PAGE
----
Mount Athos is relatively easy to access, but once there the pilgrim is left to his own devices in terms of mobility. Foot is the most rewarding method of travel on Mount Athos, but it is not always possible.
There are similarities and differences among the monasteries of Mount Athos. I only visited a few, but this, at the very least, was evident to me. What is universal (as far as I know) is that the church in every monastery holds service before dinner, a short service after dinner, and a long service in the morning before dinner. The first service we attended was, in my opinion, the best one. It was a short service between 45 minutes and an hour, and it mostly involved monks singing scripture in voices that ranged from majestic baritone to beautiful tenor. This was not my first experience at an Orthodox church service, so I wasn’t surprised at the voiceless priest whose job involved canvassing the interior of the church with the smell of incense and the sound of bells, making for an experience that appeals to all of the senses—akin to an opera. Dinner followed, and then there was a presentation of the monastery’s relics, which included bones of saints and a piece of the cross. This seemed to be the primary purpose of the service after dinner. Like the other pilgrims, I crossed myself in front of the relic; perhaps unlike most of the others there, I only pretended to kiss the five hundred year old skull relic surrounded by jewels.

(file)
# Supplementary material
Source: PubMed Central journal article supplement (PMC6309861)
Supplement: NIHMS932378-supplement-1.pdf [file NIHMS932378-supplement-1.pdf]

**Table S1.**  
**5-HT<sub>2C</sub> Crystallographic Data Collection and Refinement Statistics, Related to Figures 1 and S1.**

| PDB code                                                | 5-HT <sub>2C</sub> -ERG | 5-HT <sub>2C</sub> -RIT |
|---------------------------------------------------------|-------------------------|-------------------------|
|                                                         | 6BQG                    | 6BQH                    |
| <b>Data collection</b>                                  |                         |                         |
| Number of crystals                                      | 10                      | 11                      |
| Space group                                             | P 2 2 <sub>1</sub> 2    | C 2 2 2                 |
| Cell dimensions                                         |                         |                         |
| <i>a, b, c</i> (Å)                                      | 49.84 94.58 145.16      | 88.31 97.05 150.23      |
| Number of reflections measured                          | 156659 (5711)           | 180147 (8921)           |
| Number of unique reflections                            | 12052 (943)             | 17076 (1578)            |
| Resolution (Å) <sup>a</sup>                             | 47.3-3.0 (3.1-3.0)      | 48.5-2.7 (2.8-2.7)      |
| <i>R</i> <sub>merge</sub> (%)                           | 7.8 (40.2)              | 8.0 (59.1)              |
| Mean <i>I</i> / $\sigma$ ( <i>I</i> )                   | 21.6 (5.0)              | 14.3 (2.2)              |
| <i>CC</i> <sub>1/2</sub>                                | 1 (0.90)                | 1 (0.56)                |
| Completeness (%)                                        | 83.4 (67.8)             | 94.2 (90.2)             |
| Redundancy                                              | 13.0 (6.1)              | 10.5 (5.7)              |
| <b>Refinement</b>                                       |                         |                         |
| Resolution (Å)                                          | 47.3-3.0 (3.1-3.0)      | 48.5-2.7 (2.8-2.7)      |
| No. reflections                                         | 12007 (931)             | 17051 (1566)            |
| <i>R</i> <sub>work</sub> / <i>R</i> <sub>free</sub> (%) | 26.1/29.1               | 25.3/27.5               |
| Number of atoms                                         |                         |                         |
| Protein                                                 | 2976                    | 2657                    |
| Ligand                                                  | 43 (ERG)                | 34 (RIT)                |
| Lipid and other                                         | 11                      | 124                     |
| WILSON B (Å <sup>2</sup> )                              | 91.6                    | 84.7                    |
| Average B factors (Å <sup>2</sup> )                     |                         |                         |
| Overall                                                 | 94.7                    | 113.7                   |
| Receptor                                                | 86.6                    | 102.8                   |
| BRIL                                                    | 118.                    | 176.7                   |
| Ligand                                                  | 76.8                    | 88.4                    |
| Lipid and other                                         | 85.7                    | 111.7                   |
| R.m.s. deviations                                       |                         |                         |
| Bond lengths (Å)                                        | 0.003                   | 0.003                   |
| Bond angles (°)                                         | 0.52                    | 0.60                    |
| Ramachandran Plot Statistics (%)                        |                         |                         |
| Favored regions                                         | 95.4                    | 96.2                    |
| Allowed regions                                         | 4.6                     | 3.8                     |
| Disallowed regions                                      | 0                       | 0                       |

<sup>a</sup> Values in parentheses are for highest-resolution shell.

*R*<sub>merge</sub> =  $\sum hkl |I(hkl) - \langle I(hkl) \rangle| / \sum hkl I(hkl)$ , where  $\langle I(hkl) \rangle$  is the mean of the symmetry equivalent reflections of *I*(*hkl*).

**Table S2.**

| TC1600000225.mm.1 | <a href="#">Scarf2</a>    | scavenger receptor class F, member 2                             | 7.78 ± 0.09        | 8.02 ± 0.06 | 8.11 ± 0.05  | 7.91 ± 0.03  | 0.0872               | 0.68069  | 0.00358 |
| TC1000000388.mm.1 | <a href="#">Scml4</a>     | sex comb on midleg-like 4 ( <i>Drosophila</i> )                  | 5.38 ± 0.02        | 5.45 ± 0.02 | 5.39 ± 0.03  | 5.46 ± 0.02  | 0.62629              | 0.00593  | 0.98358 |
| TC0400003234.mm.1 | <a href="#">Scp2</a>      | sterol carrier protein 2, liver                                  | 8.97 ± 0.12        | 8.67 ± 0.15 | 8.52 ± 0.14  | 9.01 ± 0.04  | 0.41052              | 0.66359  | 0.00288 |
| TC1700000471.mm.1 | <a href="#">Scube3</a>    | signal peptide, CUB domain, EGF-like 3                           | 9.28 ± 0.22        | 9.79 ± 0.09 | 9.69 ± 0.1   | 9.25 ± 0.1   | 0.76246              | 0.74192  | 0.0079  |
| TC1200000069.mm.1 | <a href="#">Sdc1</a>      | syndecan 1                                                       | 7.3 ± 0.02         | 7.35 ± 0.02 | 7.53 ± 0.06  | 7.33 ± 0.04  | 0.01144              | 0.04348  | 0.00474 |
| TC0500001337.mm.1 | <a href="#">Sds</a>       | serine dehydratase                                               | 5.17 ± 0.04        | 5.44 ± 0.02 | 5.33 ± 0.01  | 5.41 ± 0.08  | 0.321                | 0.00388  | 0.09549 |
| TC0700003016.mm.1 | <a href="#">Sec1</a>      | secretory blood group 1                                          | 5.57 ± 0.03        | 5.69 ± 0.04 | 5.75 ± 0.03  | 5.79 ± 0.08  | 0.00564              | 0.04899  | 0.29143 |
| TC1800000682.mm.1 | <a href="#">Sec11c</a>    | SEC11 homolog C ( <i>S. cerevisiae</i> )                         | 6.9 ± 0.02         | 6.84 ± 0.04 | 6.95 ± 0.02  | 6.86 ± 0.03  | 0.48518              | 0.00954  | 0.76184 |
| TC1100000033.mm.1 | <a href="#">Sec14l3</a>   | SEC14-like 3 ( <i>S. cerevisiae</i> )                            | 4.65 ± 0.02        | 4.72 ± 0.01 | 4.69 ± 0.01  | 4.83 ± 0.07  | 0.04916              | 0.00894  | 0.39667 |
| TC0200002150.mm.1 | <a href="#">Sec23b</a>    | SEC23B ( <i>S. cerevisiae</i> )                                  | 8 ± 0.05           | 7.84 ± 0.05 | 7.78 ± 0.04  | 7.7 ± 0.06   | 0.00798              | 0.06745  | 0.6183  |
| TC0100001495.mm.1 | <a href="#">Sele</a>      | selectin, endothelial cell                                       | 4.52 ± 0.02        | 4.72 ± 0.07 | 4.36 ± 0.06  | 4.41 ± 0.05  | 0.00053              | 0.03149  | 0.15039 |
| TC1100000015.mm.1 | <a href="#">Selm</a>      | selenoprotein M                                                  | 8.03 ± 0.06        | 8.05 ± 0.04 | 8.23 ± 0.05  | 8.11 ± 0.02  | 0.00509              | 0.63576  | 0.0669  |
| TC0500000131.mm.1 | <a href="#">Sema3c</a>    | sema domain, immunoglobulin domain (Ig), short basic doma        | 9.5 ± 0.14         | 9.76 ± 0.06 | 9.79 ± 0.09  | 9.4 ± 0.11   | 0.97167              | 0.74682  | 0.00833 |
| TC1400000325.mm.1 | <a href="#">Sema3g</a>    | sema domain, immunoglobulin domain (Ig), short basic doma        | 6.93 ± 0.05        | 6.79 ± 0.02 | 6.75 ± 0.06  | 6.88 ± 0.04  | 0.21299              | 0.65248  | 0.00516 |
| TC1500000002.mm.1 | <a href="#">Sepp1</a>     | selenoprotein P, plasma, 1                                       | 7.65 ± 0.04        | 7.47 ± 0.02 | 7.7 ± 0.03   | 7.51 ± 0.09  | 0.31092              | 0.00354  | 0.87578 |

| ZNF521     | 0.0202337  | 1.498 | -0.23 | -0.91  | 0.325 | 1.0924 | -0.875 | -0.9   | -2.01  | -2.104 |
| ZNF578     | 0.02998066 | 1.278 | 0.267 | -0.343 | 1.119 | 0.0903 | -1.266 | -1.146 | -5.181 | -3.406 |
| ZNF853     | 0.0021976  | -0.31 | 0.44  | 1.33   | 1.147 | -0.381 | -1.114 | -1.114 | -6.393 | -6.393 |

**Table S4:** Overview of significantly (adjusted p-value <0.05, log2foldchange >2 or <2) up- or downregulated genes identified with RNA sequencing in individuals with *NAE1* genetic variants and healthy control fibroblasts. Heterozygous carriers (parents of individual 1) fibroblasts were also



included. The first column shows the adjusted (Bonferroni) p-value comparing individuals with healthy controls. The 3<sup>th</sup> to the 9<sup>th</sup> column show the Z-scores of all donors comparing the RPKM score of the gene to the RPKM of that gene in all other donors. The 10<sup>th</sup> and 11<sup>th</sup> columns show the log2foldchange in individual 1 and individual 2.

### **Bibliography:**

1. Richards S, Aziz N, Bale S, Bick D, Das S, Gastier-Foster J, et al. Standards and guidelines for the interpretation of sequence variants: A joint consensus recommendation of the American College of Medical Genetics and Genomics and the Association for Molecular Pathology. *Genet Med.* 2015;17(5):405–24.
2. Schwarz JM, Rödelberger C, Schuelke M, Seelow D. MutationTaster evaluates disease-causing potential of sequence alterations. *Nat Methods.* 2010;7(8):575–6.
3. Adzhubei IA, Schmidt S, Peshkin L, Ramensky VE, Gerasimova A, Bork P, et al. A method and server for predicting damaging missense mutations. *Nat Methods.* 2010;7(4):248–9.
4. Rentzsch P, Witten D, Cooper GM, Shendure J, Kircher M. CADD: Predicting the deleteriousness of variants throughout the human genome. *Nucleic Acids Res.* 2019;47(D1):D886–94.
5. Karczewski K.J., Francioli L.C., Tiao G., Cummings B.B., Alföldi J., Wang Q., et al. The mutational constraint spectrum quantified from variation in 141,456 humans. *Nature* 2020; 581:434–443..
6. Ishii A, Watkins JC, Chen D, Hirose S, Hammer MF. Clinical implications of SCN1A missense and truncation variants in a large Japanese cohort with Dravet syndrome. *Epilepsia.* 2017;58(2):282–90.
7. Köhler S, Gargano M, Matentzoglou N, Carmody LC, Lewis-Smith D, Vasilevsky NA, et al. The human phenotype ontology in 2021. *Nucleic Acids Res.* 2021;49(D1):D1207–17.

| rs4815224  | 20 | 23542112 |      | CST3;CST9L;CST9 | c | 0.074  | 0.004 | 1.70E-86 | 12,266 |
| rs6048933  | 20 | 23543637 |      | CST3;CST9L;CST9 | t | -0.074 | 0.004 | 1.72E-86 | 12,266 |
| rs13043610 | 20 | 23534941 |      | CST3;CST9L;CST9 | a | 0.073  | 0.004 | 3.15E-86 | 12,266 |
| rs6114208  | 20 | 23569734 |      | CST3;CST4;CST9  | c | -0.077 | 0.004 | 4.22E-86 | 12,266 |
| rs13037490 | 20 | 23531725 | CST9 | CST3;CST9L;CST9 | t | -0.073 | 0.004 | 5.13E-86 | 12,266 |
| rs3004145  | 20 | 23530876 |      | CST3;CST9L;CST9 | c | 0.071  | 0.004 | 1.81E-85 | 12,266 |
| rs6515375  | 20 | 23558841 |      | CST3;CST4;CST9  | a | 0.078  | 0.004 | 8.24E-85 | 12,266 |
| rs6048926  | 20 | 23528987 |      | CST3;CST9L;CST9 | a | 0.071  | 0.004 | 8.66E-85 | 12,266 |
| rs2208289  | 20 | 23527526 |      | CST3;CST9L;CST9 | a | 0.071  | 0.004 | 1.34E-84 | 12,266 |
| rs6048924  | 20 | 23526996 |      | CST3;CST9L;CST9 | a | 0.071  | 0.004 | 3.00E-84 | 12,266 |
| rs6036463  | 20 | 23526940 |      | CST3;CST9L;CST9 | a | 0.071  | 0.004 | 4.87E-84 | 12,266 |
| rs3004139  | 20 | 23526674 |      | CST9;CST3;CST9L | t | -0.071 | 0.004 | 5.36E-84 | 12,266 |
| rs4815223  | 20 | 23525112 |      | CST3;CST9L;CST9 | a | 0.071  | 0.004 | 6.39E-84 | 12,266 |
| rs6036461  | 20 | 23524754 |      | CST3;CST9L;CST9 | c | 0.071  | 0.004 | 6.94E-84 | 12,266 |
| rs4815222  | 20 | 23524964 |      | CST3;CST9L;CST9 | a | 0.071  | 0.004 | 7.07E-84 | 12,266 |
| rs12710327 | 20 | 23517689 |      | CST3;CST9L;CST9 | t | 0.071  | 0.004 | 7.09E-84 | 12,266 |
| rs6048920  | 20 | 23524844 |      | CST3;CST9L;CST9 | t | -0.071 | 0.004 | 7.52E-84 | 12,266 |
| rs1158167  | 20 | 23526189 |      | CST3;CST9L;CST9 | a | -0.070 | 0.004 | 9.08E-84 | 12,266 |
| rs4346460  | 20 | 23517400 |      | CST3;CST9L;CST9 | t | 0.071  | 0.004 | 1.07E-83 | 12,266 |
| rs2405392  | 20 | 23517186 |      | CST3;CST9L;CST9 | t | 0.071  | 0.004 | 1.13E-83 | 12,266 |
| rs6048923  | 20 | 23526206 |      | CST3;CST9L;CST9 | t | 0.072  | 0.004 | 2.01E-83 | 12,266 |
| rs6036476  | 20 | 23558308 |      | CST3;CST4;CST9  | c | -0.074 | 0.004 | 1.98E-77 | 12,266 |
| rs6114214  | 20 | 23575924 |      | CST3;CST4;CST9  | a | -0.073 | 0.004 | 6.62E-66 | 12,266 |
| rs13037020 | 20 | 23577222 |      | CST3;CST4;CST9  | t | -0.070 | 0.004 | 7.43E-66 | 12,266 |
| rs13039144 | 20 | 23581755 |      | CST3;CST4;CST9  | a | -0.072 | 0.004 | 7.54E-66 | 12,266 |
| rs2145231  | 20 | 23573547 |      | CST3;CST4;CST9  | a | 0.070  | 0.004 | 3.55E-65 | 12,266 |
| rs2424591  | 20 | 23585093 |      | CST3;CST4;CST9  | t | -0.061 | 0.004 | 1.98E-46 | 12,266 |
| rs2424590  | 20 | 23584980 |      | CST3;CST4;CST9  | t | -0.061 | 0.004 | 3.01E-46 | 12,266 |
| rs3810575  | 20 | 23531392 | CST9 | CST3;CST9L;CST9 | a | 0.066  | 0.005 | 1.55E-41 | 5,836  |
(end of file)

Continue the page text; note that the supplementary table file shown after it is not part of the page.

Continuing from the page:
While the evening services were a moving experience, the morning services were long and difficult. They demanded far more energy than the most difficult hike on the peninsula. Bells ring in the morning at four o’clock. This is the call to morning prayer. Srdjan and Les, the veteran pilgrims, assured us that we could sleep until five o’clock and join the service late. Our alarms went off then, and we then each took turns brushing our teeth and put on our three times a day, every day best. This service had more oration than singing, which made it far less enjoyable. This morning service on Mount Athos will—I am willing to wager—be the only time in my life when I can say “we didn’t get to church until five thirty, so we missed the first hour and a half; luckily we caught the last two hours.”